PA Sebastian, the indefatigable lawyer who lent India’s democratic rights movement its contours, is no more
PA Sebastian (pictured) hated being reminded of his disability. Not one given to unnecessary etiquette at the best of times, he would be positively rude if you tried to help him out of a spot that looked too difficult to negotiate with his crutches.It was sheer bad luck that Sebastian, known across the country as a rare untiring crusader for human rights for the past 40 years, spent his childhood in a Kerala village where the necessity of anti-polio vaccination had not spread. But this did not for a moment deter him from breaking away from an environment he could no longer identify with, and coming to Mumbai to make his own life. “This city has made me what I am,“ he told me last year on the eve of his departure from Mumbai. “I know I won’t be happy anywhere else.“He was proved right. On the morning of July 23, Sebastian passed away in Goa where his family was tending to him, at the age of 67. He had suffered a stroke in February. Last year, with his health slowly deteriorating, and needing frequent hospitalisations, he had become practically immobile.

Sebastian left a wealthy propertied family to strike it out on his own in Mumbai in the 60s. He first got his commerce degree from Sydenham and then went on to study at the Government Law College.

If Mumbai gave him the courage to stay on without a conventionally successful practice, in a tiny room at the YMCA in Colaba to call home, Sebastian too gave back to the city in full measure. Always a radical, Sebastian was one of the founders of the Committee for the Protection of Democratic Rights (CPDR) after the Emergency, and remained its face till he left Mumbai last year. It was in Mumbai’s courts that Sebastian created legal precedents in the field of human rights, fighting historic cases against fake encounters and slum demolitions; against Doordarshan’s refusal to telecast Anand Patwardhan‘s National award-winning documentaries; against censorship and the ban on historian James Laine‘s book on Shivaji.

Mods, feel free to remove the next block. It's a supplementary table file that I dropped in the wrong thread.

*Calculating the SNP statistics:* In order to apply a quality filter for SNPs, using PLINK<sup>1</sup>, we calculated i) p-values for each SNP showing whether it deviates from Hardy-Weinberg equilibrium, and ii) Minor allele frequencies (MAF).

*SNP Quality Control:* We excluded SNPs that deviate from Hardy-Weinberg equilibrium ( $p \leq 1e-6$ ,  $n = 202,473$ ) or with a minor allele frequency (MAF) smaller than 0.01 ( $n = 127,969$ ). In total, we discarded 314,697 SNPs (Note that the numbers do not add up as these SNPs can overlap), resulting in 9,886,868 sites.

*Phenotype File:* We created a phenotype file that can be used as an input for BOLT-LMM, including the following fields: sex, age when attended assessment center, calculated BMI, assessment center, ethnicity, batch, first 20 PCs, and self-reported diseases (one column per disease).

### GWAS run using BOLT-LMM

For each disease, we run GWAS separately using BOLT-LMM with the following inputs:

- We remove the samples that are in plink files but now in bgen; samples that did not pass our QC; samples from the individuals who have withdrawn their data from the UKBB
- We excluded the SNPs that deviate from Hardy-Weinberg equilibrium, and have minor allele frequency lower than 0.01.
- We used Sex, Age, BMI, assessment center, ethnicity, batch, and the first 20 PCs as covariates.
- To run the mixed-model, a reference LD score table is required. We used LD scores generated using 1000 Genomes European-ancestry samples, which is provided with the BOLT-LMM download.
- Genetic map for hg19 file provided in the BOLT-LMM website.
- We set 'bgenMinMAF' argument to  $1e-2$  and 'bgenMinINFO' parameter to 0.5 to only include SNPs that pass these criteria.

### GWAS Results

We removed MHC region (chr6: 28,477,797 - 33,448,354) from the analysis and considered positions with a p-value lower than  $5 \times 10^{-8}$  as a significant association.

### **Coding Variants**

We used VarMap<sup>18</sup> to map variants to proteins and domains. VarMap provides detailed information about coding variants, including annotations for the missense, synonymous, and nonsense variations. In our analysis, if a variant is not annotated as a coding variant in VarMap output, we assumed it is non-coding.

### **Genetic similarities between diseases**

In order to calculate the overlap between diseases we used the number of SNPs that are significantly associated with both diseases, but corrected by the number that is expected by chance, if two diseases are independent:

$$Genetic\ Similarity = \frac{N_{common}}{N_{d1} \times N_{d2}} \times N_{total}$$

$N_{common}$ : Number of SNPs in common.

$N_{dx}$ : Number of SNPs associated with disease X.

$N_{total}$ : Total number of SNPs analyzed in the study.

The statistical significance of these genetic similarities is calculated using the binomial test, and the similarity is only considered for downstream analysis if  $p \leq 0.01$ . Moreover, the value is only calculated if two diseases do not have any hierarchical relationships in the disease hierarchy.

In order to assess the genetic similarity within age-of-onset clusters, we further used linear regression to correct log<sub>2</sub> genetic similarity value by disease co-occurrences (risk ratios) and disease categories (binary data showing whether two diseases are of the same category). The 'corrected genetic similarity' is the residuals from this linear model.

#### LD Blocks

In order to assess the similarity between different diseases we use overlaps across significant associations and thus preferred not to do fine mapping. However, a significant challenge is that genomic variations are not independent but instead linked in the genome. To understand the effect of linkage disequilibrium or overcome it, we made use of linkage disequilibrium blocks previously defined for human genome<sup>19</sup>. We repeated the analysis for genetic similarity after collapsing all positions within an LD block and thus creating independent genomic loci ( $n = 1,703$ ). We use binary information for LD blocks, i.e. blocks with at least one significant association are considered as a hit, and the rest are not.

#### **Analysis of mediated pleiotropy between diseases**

Ten years after CPDR was formed, Sebastian founded the Indian People’s Human Rights Commission (IPHRC) in 1987.His CPDR experience had shown that courts remained inaccessible to those who needed them the most. He described the IPHRC as a people’s commission, but this was no kangaroo court. Its tribunal comprised retired judges of the higher judiciary. Its first president was filmmaker Mrinal Sen, and its chairman retired Supreme Court judge VR Krishna Iyer. Its first case was the shooting down by police of 21 Dalits in Arwal, Bihar, in 1986, over a land dispute with a landlord. The Bihar government agreed to cooperate but did not appear before these judges. But such was the tribunal’s credibility that the landlord in whose defence the cops had acted, appeared before it. Similarly in Andhra Pradesh, such was the faith of the tribals who testified in front of the tribunal in December 1987, about police burning down their hamlets in Chintapalli earlier that year, that the cops disrupted its proceedings.

From the 1992-93 Mumbai riots to the 1994 massacre of 150 Gowari tribals in Nagpur, the IPHRC held hearings across the country and as its secretary, Sebastian travelled to these proceedings ­ by train, as he had for CPDR fact-findings, because both CPDR and the IPHRC were self-financed. His disability must have made these journeys hell, but he always regaled us with uproarious observations. Seated in his favourite place ­ the Bombay Bar Association’s bar room, he would recount how, after making his way across the overcrowded compartment to the toilet, in the interminable journey to Arwal, he found he couldn’t use it because a goat was occupying it.

As unique as Sebastian’s humour was his oratory. His speeches, delivered ponderously, had a grand historic sweep, his favourite starting line being: “From times immemorial…“

His wealth of learning, be it in law, history or the scriptures, shone through them as did his open disdain for the state. “I am bringing the state into contempt, arrest me for sedition,“ he declared at one of his last public appearances in 2012. By the time Sebastian left Mumbai, his YMCA room had become an open house for victims from all deprived groups and dissenters from across the country. While his protective circle of friends missed him badly, the State must have heaved a sigh of relief at his departure. That was his ultimate success.